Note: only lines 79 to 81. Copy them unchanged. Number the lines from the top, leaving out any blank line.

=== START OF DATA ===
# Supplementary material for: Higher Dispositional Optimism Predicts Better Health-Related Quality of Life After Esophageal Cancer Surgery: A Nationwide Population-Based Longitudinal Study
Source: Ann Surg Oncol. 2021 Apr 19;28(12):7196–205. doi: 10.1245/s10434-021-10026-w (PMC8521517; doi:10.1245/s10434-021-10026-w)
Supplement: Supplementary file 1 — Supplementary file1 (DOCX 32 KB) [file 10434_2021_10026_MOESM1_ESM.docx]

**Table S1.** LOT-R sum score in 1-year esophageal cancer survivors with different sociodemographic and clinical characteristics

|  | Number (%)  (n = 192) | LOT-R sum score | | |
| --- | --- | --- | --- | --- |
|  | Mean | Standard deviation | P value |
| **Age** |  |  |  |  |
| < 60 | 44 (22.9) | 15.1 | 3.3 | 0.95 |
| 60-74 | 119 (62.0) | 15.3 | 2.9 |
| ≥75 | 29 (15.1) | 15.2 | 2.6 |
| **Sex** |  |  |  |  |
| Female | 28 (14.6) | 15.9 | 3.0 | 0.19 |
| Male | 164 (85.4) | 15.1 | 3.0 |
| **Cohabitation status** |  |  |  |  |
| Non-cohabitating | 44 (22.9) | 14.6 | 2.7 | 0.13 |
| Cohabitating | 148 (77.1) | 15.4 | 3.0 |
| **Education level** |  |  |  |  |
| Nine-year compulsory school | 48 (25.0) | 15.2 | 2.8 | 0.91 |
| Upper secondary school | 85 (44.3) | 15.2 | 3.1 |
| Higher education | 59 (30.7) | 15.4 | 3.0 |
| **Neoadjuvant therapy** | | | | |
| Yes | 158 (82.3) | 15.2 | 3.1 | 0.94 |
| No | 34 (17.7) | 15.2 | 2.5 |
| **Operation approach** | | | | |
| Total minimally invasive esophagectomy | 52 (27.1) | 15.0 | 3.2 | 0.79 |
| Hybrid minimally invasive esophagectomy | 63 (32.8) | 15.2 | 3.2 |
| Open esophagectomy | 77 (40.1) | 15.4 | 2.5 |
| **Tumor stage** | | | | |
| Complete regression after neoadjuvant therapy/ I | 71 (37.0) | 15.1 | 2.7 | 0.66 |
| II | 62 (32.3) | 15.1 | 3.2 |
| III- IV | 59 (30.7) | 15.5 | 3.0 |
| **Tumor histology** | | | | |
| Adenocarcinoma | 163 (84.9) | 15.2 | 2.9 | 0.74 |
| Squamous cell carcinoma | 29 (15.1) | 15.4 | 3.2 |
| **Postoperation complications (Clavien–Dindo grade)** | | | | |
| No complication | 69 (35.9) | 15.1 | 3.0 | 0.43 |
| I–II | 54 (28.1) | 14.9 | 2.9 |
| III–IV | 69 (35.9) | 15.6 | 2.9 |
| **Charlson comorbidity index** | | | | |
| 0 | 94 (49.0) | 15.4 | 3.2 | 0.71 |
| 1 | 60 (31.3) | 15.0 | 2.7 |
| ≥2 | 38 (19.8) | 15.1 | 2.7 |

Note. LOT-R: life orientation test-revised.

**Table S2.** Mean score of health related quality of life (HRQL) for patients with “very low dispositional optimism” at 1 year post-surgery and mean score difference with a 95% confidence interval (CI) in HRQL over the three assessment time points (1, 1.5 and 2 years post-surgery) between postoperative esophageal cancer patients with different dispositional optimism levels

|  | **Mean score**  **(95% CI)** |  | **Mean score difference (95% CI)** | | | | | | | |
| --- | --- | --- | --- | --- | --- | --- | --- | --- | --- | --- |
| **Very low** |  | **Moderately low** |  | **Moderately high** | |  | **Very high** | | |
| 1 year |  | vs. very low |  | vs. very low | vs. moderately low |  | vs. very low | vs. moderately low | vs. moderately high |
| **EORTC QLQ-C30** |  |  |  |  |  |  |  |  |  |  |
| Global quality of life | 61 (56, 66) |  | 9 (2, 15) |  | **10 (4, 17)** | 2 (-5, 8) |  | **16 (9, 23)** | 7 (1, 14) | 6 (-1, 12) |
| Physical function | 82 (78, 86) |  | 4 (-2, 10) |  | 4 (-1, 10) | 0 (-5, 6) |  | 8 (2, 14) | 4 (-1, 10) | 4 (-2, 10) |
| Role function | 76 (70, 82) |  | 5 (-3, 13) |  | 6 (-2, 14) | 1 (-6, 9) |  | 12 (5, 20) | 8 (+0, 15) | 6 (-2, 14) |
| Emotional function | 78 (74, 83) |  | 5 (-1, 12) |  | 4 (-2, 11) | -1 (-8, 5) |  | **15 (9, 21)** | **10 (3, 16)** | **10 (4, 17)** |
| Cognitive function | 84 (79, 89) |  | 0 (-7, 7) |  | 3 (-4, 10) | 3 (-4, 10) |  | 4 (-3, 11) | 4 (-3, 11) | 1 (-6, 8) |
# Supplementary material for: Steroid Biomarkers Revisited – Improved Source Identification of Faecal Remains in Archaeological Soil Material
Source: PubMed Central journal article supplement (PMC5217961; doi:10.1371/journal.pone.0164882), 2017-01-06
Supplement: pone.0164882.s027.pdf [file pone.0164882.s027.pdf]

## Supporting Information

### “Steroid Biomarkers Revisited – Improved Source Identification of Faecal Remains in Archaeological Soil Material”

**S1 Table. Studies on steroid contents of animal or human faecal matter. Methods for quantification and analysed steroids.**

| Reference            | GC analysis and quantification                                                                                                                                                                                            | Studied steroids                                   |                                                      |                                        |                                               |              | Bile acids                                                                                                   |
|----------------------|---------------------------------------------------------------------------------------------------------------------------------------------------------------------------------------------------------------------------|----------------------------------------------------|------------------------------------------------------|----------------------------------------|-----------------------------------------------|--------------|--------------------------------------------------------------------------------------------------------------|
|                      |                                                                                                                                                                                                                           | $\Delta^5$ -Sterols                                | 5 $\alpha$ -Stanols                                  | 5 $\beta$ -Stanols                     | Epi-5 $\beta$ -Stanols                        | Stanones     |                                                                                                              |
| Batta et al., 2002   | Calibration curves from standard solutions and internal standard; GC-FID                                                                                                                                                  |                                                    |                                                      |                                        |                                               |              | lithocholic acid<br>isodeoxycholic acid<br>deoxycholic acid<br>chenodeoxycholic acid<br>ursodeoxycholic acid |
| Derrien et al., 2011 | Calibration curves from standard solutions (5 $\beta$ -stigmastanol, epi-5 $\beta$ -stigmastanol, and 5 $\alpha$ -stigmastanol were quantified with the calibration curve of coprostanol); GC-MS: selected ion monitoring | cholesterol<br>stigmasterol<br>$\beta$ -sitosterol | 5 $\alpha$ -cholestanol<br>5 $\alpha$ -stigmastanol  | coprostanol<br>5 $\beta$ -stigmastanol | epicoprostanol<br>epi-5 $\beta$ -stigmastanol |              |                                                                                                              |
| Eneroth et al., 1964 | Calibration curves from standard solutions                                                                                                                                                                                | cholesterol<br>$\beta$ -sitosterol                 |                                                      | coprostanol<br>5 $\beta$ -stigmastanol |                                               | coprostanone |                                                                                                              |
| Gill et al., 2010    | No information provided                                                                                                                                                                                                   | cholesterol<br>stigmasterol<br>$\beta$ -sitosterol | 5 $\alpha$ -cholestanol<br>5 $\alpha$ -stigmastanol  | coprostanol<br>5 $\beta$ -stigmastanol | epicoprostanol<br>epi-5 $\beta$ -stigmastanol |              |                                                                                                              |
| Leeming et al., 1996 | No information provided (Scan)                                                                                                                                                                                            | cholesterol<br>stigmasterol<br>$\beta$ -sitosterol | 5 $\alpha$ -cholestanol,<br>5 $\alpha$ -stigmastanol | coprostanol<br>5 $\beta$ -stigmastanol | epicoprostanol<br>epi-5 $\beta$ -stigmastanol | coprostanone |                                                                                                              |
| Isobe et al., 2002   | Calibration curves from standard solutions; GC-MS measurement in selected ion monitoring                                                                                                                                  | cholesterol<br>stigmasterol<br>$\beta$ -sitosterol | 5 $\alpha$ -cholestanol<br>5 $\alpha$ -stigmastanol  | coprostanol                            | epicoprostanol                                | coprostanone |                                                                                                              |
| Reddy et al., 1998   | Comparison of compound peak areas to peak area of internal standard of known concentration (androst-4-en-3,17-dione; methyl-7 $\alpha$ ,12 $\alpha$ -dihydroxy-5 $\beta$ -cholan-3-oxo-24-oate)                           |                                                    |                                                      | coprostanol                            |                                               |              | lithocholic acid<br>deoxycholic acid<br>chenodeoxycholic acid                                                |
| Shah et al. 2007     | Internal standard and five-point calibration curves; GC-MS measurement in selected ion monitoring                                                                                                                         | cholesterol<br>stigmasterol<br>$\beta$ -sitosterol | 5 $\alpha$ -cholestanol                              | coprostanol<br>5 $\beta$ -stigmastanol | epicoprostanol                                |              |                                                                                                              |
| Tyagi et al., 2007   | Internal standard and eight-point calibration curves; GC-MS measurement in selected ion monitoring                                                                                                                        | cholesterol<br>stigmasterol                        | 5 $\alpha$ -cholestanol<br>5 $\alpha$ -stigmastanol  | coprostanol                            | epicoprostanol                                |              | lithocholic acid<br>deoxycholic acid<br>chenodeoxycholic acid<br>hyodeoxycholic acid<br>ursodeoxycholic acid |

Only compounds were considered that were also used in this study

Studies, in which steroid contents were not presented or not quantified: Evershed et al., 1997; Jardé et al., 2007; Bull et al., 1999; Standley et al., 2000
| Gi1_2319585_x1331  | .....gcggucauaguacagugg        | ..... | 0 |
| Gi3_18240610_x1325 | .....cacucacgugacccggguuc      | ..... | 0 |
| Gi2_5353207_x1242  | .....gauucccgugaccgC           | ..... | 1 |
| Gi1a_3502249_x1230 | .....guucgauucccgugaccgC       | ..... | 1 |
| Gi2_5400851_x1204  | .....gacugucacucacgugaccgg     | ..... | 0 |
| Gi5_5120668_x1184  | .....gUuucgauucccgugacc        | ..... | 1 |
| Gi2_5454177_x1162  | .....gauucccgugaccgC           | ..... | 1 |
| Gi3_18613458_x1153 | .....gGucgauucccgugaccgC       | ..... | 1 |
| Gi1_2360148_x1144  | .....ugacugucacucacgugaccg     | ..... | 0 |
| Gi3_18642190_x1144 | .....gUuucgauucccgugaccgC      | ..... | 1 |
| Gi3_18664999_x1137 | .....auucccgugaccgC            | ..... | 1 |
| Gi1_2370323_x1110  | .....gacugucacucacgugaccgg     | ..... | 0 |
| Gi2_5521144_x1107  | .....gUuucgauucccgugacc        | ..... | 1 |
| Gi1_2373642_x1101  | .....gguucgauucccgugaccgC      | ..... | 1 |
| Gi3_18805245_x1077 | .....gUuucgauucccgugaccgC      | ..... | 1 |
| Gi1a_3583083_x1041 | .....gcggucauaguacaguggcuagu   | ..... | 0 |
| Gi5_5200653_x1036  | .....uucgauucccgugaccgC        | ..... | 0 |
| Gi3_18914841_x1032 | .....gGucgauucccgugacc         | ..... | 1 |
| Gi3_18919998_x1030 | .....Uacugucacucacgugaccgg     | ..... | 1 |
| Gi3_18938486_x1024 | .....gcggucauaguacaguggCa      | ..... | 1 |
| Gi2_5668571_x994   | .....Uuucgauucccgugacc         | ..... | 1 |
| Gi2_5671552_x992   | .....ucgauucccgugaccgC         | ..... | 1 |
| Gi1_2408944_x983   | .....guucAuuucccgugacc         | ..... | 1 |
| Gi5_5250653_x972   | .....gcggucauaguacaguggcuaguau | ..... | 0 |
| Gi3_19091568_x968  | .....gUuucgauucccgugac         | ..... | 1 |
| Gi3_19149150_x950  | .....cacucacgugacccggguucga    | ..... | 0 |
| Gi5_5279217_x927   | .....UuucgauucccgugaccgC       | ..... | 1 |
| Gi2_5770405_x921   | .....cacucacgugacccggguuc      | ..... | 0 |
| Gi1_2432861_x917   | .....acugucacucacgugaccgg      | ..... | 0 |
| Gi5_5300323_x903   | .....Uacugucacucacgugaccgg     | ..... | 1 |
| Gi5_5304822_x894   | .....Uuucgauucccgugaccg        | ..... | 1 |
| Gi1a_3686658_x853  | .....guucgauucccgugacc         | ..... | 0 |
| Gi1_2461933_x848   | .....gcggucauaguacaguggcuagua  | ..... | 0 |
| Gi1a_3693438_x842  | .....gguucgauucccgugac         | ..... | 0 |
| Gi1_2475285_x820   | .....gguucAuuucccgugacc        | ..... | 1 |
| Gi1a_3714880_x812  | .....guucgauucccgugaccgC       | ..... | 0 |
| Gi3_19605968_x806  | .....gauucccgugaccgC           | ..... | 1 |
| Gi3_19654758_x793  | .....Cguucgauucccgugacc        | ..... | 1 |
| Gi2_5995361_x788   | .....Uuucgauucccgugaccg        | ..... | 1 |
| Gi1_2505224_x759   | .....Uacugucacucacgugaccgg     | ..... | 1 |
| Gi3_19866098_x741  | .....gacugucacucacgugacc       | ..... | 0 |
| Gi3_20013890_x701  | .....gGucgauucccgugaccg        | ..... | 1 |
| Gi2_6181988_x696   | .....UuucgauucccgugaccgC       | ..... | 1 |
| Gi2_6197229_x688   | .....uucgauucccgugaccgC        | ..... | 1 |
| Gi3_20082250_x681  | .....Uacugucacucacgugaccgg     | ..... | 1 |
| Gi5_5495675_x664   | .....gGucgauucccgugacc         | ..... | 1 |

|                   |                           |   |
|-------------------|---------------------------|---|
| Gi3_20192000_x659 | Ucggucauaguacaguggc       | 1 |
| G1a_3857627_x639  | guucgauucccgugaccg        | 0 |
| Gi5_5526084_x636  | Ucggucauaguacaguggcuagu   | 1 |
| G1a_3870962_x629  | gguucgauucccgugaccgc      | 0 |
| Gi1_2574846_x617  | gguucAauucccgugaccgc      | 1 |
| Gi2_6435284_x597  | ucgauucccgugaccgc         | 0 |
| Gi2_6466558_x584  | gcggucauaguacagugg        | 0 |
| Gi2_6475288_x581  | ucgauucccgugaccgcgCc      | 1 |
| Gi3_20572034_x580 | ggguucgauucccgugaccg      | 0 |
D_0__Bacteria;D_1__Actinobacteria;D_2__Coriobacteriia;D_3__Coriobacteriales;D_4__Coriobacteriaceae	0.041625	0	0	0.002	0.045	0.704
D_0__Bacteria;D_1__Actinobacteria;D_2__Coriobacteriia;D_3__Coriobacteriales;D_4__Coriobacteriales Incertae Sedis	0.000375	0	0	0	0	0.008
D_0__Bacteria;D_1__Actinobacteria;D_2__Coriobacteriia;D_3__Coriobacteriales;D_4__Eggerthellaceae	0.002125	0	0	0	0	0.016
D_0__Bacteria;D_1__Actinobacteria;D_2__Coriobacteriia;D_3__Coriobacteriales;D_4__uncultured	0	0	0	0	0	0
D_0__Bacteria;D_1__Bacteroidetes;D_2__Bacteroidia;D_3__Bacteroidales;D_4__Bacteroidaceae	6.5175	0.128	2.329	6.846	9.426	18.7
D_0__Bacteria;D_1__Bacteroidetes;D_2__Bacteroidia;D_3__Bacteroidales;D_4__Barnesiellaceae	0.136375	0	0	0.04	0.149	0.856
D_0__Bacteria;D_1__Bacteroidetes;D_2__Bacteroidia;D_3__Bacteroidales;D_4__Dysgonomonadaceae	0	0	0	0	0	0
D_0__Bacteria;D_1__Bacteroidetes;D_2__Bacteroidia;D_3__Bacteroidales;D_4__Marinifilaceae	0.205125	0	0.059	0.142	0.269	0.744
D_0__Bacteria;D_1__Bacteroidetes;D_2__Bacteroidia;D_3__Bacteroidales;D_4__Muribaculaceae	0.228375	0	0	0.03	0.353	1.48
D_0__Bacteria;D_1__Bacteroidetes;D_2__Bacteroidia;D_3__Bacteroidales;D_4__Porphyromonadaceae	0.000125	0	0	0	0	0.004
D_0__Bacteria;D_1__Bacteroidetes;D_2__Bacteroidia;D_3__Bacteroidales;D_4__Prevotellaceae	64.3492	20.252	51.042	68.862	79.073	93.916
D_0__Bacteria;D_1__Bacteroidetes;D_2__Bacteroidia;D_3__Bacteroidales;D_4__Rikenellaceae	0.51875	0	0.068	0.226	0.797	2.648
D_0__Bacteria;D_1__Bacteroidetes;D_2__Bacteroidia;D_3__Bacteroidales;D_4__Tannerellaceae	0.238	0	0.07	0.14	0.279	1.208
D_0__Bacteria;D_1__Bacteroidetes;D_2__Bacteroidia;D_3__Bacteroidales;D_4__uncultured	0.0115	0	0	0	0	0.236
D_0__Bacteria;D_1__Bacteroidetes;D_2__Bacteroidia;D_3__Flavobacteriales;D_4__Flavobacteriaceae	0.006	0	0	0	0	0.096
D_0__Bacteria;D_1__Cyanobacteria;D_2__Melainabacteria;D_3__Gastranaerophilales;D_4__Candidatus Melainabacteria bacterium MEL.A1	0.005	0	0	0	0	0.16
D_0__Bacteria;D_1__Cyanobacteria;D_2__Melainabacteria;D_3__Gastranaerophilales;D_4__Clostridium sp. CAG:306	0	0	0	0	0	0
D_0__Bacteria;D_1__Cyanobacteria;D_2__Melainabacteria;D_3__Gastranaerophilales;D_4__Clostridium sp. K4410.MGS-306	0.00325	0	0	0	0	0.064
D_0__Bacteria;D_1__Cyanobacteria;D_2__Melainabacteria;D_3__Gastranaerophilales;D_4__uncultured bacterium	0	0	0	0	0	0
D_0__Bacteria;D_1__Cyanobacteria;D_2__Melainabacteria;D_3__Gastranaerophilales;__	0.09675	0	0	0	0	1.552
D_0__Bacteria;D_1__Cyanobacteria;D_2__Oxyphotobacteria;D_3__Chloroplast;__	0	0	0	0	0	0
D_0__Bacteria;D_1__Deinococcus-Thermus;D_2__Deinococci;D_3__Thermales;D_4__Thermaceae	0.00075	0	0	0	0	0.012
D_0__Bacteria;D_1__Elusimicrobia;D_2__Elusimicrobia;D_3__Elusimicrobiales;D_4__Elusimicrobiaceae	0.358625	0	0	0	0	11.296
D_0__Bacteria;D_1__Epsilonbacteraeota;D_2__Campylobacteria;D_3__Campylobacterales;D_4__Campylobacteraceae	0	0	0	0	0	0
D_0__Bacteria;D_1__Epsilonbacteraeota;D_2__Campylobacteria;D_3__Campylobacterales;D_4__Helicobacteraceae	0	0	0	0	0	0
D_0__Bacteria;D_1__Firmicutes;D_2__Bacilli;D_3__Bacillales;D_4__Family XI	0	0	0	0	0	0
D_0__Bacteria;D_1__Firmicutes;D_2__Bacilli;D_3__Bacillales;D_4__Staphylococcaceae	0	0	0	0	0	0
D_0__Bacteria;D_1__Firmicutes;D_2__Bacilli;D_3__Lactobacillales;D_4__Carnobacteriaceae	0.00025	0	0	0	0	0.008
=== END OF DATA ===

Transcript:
| Gi1a_3502249_x1230 | .....guucgauucccgugaccgC       | ..... | 1 |
| Gi2_5400851_x1204  | .....gacugucacucacgugaccgg     | ..... | 0 |
| Gi5_5120668_x1184  | .....gUuucgauucccgugacc        | ..... | 1 |